Friday, December 3, 2010

Writing Tip : Double negatives needn't be no sin

Double negatives needn't be no sin 


This article argues that double negatives can be an acceptable usage.

I'm going to go out on a limb here and contradict most of the books ever written on the subject of grammar. (Who said I wasn't brave?) Traditional advice has always been not to use double negatives. For example, sentences such as these are traditionally frowned on:
  • I didn't do nothing!
  • Don't give me no lip!
  • There ain't no such thing.
Detractors will argue that such sentences involve a contradiction of the intended meaning. In the first sentence, if the speaker didn't do nothing then he or she must have done something. In the second sentence, the speaker seems to be asking to be given some lip. In the third sentence, the speaker is arguing that there is such a thing.
My position is that while these criticisms are pedantically true, there's really no likelihood that anyone would misunderstand the intended meaning. If a mother turns to her child and snaps "Don't give me no lip!", it would take a particularly slow-witted child to assume that she was inviting a dispute. (And certainly even the dullest child wouldn't make that particular mistake twice!)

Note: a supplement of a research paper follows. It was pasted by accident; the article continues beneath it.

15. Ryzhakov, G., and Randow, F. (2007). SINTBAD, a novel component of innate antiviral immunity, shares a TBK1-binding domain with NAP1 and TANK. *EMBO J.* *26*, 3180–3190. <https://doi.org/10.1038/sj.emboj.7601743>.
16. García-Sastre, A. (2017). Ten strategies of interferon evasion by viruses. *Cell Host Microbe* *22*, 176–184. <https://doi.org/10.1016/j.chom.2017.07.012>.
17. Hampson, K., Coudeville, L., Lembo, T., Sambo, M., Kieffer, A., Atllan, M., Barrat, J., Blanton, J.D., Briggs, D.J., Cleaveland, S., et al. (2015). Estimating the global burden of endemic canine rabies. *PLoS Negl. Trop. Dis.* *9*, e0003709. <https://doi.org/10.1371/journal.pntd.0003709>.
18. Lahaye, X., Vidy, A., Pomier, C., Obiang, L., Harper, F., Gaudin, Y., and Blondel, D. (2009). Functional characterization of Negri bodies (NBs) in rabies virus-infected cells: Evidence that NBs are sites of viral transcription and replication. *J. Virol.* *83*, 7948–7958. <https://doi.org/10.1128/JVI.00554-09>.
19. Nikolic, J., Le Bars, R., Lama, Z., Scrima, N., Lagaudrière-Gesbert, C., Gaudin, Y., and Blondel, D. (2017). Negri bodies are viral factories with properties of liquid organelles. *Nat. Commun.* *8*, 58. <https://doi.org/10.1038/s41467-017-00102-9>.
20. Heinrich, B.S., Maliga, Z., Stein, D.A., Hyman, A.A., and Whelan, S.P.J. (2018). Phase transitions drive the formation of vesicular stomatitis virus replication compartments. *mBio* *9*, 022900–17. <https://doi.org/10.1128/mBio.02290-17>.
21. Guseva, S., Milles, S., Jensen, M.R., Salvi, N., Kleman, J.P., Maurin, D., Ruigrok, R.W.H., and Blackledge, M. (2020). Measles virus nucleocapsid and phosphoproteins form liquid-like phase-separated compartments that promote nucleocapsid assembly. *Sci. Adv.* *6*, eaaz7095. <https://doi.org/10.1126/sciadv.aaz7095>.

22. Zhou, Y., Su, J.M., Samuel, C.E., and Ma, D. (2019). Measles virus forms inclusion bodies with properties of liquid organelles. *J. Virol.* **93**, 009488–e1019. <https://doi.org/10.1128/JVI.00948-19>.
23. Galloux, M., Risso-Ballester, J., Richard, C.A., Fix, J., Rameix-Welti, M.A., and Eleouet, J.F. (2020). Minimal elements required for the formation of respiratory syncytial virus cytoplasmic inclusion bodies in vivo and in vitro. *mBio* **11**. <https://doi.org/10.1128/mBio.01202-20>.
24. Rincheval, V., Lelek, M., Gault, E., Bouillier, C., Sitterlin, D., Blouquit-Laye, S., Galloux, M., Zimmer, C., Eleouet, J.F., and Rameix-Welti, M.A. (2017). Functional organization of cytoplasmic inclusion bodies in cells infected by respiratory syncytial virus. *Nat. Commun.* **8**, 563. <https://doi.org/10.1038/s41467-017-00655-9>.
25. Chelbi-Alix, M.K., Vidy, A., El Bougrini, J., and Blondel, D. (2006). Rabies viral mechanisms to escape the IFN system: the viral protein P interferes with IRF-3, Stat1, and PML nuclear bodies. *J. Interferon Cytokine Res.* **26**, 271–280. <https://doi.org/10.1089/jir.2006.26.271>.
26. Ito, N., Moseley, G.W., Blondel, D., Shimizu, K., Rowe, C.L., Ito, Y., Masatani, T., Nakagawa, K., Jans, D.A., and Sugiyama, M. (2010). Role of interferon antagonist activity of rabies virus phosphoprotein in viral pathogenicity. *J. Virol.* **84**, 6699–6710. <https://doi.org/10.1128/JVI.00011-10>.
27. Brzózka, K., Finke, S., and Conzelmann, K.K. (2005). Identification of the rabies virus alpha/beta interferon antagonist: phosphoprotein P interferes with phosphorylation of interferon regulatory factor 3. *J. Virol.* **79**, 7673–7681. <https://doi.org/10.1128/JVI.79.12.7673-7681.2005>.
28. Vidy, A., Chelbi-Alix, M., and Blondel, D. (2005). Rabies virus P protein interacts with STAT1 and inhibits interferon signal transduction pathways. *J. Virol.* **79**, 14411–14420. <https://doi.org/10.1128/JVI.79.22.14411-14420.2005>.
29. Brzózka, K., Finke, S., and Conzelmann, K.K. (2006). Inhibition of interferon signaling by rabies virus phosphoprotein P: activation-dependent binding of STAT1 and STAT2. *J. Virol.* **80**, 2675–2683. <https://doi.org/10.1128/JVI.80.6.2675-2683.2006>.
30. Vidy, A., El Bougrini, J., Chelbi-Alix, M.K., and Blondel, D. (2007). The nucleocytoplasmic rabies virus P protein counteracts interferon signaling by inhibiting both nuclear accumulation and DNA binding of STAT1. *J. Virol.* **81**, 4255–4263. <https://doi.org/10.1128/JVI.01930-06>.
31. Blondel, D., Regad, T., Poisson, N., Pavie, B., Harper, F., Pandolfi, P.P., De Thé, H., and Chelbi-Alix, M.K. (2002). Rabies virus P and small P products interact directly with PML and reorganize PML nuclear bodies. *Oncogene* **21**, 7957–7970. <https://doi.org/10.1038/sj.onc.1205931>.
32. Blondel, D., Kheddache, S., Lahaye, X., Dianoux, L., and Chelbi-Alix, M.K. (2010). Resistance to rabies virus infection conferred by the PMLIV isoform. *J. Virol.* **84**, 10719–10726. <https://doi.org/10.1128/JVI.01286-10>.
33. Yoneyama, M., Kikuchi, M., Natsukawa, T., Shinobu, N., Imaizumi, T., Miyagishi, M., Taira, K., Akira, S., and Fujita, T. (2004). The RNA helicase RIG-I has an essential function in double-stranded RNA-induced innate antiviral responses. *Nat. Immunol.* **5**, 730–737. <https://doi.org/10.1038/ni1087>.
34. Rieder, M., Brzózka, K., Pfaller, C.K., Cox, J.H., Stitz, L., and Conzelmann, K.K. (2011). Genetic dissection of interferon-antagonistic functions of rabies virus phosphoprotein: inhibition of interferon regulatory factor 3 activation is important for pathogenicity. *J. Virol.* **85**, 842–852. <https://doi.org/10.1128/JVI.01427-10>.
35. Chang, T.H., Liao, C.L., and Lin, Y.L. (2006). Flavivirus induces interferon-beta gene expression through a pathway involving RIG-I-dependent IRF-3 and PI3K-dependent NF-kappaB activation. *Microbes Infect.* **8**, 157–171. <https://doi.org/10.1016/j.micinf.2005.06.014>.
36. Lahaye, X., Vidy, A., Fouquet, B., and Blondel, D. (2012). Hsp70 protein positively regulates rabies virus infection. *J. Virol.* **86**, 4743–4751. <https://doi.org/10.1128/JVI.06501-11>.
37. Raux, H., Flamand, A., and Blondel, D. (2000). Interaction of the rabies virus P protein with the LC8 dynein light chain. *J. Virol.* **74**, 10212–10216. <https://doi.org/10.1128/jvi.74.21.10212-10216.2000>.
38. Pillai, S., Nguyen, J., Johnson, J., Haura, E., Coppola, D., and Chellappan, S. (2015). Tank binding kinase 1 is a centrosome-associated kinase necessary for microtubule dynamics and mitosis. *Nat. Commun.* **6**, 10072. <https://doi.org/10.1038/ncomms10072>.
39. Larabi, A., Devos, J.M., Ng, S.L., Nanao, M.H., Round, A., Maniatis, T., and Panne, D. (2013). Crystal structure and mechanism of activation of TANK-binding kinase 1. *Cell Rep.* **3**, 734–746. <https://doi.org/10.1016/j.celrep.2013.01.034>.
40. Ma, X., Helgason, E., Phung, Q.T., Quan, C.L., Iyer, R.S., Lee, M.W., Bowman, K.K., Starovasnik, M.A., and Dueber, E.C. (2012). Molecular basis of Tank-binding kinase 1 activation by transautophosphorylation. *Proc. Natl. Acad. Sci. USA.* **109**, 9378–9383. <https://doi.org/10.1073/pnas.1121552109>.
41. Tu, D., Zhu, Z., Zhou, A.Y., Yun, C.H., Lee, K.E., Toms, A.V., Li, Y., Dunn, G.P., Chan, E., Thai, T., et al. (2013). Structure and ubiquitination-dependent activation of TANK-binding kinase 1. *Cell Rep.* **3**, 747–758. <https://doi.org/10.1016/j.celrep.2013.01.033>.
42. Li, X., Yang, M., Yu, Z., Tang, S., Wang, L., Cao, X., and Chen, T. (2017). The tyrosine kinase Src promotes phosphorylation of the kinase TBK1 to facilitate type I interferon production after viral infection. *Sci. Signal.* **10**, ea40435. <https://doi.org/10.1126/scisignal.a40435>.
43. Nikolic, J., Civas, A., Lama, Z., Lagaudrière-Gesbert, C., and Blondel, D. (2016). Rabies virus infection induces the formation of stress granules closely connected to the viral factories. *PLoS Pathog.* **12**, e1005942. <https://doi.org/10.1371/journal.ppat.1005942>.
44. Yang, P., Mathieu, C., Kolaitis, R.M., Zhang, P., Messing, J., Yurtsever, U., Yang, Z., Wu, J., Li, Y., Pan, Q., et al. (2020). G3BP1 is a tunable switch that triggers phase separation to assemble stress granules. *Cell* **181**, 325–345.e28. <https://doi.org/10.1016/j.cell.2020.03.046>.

Far from being misunderstood, in these cases a double negative actually makes the intended meaning clearer by being more emphatic. For example, consider these sentences:
  • I didn't do it!
  • I didn't do nothing!
To me, the second one seems like a stronger, more emphatic denial by virtue of having two negative words (didn't and nothing), rather than just one (didn't). The speaker might not be more believable, but he or she does sound more emphatic.
So even though a literal interpretation of a double negative may contradict the speaker's intended meaning, it's unlikely to be ambiguous in context. On the contrary, the meaning is probably made clearer: doubly so.
In closing, I should note that while double negatives can be quite acceptable in casual speech, they are usually inappropriate in more formal settings such as business.

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